“What if I showed my students all the things that this technology is doing well? Like it’s organizing an essay really nicely. It’s got great grammar. It’s supporting its claims with evidence,” Gura Sadovsky said.

“It can take the place of critical thinking for our students. So, in education, we’re looking for ways to integrate it into our courses, into our assessment practices, with a bias towards making sure that students are still able to think critically and be prepared for the job market,” McPherson said.

Because, like it or not, this tech exists in that job market.

“We can’t ignore the technologies that students will have access to in those lives outside of school,” Gage said.

“Is using Google cheating? Is using books cheating? Are using reference guides cheating? At the end of the day, AI is a tool,” Delgado said.

New technology signals innovation. It’s up to the user to let it spark and not stifle their own.

“One of the big dangers here is creativity and innovation,” McPherson said. “Because if we’re all following the recipe and we’re all looking for answers in the back of the book, then where is our innovation? Where’s our creativity? And how do we drive conversations forward in meaningful ways?”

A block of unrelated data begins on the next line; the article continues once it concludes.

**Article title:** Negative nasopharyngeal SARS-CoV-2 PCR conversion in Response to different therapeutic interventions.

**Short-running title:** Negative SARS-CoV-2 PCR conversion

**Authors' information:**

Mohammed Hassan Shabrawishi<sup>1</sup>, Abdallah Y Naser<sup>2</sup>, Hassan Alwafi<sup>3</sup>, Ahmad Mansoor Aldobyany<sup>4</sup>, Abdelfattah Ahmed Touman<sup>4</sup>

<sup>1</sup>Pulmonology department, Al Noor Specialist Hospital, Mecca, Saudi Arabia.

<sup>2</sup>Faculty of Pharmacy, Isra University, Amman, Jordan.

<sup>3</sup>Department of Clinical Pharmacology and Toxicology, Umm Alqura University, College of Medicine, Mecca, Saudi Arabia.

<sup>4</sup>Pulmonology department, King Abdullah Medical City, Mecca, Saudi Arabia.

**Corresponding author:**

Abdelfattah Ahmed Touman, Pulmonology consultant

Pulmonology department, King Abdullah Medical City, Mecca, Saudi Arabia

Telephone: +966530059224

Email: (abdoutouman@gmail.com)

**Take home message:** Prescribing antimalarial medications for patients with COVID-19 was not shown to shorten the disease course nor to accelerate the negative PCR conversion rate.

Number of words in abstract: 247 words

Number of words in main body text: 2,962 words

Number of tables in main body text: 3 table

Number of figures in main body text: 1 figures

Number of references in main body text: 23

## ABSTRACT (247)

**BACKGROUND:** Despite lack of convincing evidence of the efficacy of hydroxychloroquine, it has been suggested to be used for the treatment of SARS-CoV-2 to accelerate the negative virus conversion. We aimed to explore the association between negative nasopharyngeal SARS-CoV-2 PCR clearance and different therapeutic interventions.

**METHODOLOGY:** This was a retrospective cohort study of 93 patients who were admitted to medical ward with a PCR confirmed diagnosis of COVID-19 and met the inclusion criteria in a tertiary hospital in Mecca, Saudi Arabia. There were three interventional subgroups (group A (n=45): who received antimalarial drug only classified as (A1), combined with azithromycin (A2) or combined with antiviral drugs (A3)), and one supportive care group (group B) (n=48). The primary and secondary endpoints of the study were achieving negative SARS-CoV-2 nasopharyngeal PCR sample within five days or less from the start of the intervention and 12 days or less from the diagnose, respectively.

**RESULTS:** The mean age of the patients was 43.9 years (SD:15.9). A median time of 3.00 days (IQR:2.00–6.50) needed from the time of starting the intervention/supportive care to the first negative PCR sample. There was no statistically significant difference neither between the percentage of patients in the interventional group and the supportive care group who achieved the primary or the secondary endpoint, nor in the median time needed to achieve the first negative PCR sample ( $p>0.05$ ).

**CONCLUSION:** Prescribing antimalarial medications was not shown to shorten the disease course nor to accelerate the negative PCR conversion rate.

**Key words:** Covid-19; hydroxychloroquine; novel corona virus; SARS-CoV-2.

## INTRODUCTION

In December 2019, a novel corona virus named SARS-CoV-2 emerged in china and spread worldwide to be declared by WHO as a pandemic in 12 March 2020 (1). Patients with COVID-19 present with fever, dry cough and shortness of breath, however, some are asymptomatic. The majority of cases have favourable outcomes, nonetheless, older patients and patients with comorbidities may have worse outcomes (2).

Find more KSAT Explains episodes here

About the Authors

Myra Arthur is passionate about San Antonio and sharing its stories. She graduated high school in the Alamo City and always wanted to anchor and report in her hometown. Myra anchors KSAT News at 6:00 p.m. and hosts and reports for the streaming show, KSAT Explains. She joined KSAT in 2012 after anchoring and reporting in Waco and Corpus Christi.

Valerie Gomez is lead video editor and graphic artist for KSAT Explains. She began her career in 2014 and has been with KSAT since 2017. She helped create KSAT’s first digital-only newscast in 2018, and her work on KSAT Explains and various specials have earned her a Gracie Award from the Alliance for Women in Media and multiple Emmy nominations.

Recommended Videos